One day in particular, I would guess I’d just swiped a handful more than I was supposed to out of that jar. My mother would have been doing housework in the back bedrooms somewhere while I sat eating from a plastic bowl at the kitchen table. For whatever reason, I was alone in the kitchen.

As I sat in that sunlit room, at that blond wood table looking at the yellow-flowered wallpaper that surrounded me, something big happened.

A drop of water appeared on the placemat beside me. As the afternoon sun shone through the window over the kitchen sink, I felt an odd shock. This wasn’t right.

Then another drop fell, and another. It was the beginning of a rain shower in the house.

I looked up to see a stream of water working its way down the copper light fixture over the kitchen table and starting to pour freely onto the table.

This part is like one of those dreams where you try to cry out for help, but there is no sound. A sunny kitchen now seemed sickly yellow. My stomach turned; my heart stuttered.

The water began to gush, and my mother cried out. She yanked me away from the table, and the horror of the moment set in. Sunny day, a flood in the house….water from a light bulb! This ranked up there with the stories my Southern grandmother told me of ball lightning and apparitions rocking on porch swings at sunset.

After I was whisked across the street to my friend Nancy’s, I learned that a water line broke, which apparently ran through our attic. It would seem like hours before I returned to my home that night. I know that I never felt as comfortable sitting at that table again.

I now see this memory, the horror of it, had everything to do with realizing how little I knew about the world around me, what an illusion it all was. After all, most of my early memories were those of constants, a sense that things had always been the way they were and that they would stay that way. I don’t believe in very many of those now, but children don’t even know they have a choice of what to believe, and my parents seemed certain of the world they navigated so casually and offered me with great confidence.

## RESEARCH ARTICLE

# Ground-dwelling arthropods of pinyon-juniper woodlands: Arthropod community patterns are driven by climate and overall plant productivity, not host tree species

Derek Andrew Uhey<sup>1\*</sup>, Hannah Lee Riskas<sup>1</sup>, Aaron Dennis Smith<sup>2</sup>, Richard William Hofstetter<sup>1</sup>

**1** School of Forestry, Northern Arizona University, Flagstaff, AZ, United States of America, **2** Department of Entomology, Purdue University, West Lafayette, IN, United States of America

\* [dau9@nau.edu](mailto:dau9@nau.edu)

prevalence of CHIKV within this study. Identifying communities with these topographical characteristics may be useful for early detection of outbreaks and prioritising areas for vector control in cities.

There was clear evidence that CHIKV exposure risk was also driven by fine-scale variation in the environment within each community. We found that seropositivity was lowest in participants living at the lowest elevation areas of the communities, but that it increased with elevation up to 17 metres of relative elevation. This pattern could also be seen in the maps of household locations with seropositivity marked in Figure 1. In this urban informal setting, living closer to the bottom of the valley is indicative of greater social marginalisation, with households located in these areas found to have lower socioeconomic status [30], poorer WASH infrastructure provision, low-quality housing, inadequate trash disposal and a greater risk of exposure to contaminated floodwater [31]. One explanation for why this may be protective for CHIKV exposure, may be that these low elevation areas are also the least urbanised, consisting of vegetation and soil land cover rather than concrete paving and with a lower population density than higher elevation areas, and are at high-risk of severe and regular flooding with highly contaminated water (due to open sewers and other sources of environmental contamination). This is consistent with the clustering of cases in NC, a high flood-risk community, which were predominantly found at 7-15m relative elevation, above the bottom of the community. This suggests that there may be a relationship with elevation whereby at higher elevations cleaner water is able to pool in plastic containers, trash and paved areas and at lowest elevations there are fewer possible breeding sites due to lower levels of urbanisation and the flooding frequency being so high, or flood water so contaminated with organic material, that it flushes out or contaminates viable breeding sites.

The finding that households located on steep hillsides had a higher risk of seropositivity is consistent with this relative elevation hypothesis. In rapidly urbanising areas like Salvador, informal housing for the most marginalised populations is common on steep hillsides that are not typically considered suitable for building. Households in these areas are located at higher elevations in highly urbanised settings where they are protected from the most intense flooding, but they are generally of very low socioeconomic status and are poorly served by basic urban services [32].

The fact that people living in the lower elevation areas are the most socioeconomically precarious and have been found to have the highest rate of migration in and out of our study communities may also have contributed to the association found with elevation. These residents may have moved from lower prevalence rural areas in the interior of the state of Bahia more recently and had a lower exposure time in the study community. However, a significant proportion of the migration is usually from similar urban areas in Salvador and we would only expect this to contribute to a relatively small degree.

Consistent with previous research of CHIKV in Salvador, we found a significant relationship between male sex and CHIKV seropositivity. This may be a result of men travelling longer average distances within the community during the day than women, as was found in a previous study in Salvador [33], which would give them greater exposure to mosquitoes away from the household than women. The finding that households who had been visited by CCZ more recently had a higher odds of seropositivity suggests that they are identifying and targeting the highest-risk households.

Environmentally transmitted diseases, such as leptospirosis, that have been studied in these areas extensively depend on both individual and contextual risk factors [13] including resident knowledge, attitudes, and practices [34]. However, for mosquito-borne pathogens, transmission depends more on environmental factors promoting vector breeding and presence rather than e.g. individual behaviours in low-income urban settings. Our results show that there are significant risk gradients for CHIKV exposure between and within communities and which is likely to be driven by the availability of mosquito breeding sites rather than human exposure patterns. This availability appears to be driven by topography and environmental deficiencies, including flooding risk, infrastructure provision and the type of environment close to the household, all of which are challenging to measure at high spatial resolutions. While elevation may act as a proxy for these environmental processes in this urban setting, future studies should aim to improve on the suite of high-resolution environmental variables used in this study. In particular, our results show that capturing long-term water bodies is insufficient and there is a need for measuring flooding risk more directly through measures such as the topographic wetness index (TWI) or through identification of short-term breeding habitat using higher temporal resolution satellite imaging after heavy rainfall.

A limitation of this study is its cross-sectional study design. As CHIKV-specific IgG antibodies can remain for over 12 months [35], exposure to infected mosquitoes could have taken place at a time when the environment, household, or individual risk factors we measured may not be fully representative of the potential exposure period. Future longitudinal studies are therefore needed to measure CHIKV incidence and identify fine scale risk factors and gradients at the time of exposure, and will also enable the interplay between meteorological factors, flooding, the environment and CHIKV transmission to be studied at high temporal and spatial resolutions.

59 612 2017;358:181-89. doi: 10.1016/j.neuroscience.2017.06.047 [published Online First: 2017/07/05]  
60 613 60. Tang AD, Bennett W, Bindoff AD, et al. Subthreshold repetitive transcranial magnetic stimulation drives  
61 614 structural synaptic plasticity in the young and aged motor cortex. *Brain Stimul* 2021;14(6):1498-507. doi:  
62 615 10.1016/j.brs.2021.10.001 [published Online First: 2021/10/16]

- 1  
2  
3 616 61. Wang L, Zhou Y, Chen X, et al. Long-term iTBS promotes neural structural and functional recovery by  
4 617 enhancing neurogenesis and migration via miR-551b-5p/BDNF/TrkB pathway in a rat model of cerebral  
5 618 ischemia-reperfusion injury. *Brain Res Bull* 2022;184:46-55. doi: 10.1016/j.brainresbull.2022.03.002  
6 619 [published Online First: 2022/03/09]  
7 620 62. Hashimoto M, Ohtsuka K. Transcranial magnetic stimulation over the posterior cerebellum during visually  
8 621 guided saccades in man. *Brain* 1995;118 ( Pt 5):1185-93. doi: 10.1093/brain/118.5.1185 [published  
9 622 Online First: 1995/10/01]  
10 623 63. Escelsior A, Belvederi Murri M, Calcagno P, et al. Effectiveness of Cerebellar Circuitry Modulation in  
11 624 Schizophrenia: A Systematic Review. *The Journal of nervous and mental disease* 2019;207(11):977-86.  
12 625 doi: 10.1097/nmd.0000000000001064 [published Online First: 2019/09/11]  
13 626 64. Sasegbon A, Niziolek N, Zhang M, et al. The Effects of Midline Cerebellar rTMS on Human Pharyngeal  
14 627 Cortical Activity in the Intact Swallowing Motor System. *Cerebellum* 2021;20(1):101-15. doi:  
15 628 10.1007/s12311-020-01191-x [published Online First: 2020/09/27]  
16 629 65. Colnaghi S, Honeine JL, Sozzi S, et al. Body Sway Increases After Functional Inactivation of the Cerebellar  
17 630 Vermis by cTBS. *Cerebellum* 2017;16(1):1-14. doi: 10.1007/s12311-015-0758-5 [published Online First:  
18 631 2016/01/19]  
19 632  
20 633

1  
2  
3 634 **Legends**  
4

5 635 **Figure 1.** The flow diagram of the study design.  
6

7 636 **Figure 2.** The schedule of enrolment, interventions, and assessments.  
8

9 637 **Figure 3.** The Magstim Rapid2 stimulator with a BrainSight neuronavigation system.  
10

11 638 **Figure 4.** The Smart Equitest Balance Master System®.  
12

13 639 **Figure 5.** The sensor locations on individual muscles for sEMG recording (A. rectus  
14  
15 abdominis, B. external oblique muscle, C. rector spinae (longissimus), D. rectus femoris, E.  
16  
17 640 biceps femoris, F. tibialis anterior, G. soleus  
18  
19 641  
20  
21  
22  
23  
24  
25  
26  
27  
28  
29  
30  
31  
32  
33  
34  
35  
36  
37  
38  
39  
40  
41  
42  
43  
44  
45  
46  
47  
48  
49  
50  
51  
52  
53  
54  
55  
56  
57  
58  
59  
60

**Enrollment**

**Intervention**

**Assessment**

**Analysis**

Of course, they even struggle to believe in that world today.

That water main break was just the first vivid tremor of a number of lessons in humility that made me realize how small my first world had been.

At 10, when my parents divorced, my mother struggled to go back to school, and my father and I lived in a little apartment in a more urban area of my hometown. My mother no longer lived in the same society she and my father shared, and I soon saw how fragile our first world really was.

When my mother began dating a black man, her best friend throughout my early childhood (my best friend’s mother) wrote her a letter saying that she no longer understood my mother and no longer knew how to be her friend. My mother was alone except for a small new group of friends, all people in transition.

Later, my father remarried and built a new house in a suburban neighborhood, and my movement between homes was a movement from air conditioning to floor fans, from a showroom living room to a house with little room for the half a dozen people who lived there at any given time.

In the 80s, with the downsizing and merging of oil companies, both my father and my father-in-law would be pushed out of their seemingly secure white collar jobs. When I began writing this book, after a divorce and many financial problems, I lived on just a few dollars a day in a little duplex in one of the poorer areas of my city.